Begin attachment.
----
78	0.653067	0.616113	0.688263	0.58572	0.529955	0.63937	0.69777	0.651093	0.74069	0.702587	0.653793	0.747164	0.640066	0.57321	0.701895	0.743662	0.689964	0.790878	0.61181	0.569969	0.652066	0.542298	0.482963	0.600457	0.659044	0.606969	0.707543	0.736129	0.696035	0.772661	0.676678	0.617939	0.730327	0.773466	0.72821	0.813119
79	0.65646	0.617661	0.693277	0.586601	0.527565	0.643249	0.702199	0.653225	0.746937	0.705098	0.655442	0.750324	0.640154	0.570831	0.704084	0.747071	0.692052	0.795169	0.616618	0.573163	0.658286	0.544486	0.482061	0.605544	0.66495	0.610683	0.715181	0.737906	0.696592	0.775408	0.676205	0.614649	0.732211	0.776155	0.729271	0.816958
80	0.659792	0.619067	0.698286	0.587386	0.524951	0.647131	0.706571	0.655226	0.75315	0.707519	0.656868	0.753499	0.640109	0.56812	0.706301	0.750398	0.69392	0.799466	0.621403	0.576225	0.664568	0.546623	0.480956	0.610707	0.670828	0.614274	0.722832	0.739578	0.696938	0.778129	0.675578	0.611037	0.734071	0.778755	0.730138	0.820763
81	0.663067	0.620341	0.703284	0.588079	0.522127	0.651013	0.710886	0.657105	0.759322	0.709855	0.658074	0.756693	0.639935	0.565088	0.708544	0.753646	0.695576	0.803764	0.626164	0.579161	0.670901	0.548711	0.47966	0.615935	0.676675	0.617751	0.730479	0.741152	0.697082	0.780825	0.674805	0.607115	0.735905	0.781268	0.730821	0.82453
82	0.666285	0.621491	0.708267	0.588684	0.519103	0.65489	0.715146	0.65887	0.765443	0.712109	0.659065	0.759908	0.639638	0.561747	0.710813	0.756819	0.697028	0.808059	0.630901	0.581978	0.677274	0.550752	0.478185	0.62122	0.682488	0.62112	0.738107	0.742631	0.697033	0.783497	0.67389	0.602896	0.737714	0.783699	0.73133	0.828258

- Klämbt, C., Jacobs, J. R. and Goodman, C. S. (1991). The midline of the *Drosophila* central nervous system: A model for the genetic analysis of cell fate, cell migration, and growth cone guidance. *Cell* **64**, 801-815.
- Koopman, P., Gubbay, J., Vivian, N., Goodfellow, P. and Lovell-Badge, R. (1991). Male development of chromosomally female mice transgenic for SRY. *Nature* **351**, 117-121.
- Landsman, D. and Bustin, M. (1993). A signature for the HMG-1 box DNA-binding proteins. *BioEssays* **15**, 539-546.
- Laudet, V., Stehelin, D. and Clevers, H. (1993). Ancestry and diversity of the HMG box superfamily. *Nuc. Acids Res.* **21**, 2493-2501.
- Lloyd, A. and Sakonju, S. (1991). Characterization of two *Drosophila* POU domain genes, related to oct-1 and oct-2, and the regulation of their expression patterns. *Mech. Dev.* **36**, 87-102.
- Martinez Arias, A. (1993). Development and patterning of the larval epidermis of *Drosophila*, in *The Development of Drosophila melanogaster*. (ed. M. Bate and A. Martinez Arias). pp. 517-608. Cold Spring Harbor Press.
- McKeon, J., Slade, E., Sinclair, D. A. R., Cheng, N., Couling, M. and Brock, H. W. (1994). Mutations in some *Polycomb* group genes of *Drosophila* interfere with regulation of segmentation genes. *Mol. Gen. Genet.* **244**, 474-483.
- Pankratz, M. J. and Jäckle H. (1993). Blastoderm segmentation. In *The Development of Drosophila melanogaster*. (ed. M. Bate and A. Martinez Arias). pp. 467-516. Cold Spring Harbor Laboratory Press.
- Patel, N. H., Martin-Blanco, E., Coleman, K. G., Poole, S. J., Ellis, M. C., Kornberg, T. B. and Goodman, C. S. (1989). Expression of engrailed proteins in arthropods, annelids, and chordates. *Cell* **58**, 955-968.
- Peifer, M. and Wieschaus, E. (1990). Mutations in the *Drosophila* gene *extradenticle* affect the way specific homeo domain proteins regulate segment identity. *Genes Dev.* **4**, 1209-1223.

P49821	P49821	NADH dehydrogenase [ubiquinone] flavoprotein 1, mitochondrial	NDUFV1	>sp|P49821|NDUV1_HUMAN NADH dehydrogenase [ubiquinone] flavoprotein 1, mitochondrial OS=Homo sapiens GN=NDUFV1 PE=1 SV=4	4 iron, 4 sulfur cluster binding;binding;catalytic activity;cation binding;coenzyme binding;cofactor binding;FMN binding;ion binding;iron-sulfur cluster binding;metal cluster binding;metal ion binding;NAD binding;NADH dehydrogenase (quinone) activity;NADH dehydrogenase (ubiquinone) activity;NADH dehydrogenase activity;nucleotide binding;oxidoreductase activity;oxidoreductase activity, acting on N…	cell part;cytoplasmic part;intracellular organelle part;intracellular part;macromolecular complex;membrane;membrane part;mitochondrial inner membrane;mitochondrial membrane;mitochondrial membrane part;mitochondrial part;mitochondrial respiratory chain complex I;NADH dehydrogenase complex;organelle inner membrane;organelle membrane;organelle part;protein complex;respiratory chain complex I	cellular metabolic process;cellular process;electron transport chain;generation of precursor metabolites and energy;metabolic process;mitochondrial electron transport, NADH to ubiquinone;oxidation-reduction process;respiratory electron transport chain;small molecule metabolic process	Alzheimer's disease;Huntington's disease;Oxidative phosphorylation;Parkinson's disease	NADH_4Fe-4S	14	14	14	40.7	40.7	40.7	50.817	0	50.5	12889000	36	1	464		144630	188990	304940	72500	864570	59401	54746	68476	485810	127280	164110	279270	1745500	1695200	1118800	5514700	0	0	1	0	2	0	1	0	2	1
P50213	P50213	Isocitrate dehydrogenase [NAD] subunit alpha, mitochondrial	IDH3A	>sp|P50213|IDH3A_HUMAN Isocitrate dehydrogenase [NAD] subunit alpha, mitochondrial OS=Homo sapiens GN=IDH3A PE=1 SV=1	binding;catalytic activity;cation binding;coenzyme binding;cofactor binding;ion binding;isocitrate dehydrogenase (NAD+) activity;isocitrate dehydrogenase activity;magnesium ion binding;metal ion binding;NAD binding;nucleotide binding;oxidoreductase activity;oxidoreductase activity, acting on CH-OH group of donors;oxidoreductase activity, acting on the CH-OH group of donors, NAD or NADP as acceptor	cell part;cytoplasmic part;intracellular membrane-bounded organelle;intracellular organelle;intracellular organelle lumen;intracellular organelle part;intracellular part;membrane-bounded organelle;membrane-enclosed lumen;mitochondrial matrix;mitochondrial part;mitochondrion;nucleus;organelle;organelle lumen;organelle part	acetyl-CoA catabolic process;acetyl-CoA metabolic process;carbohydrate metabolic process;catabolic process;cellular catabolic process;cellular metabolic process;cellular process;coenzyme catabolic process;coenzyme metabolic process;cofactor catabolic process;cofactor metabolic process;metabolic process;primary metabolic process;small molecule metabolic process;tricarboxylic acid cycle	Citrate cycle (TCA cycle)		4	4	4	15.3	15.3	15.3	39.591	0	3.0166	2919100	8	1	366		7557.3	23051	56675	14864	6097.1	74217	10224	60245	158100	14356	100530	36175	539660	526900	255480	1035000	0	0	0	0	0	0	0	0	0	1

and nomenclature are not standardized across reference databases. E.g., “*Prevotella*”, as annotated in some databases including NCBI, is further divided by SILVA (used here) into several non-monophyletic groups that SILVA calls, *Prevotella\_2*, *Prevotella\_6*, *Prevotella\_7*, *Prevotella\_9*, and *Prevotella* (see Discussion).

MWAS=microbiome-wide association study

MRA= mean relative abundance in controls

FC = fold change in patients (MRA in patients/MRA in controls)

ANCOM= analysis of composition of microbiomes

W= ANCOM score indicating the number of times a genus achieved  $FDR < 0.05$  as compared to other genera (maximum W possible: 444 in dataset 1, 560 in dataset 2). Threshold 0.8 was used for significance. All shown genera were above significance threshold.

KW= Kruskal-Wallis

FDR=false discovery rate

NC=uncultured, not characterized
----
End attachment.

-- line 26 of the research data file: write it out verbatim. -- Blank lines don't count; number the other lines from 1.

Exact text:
NC=uncultured, not characterized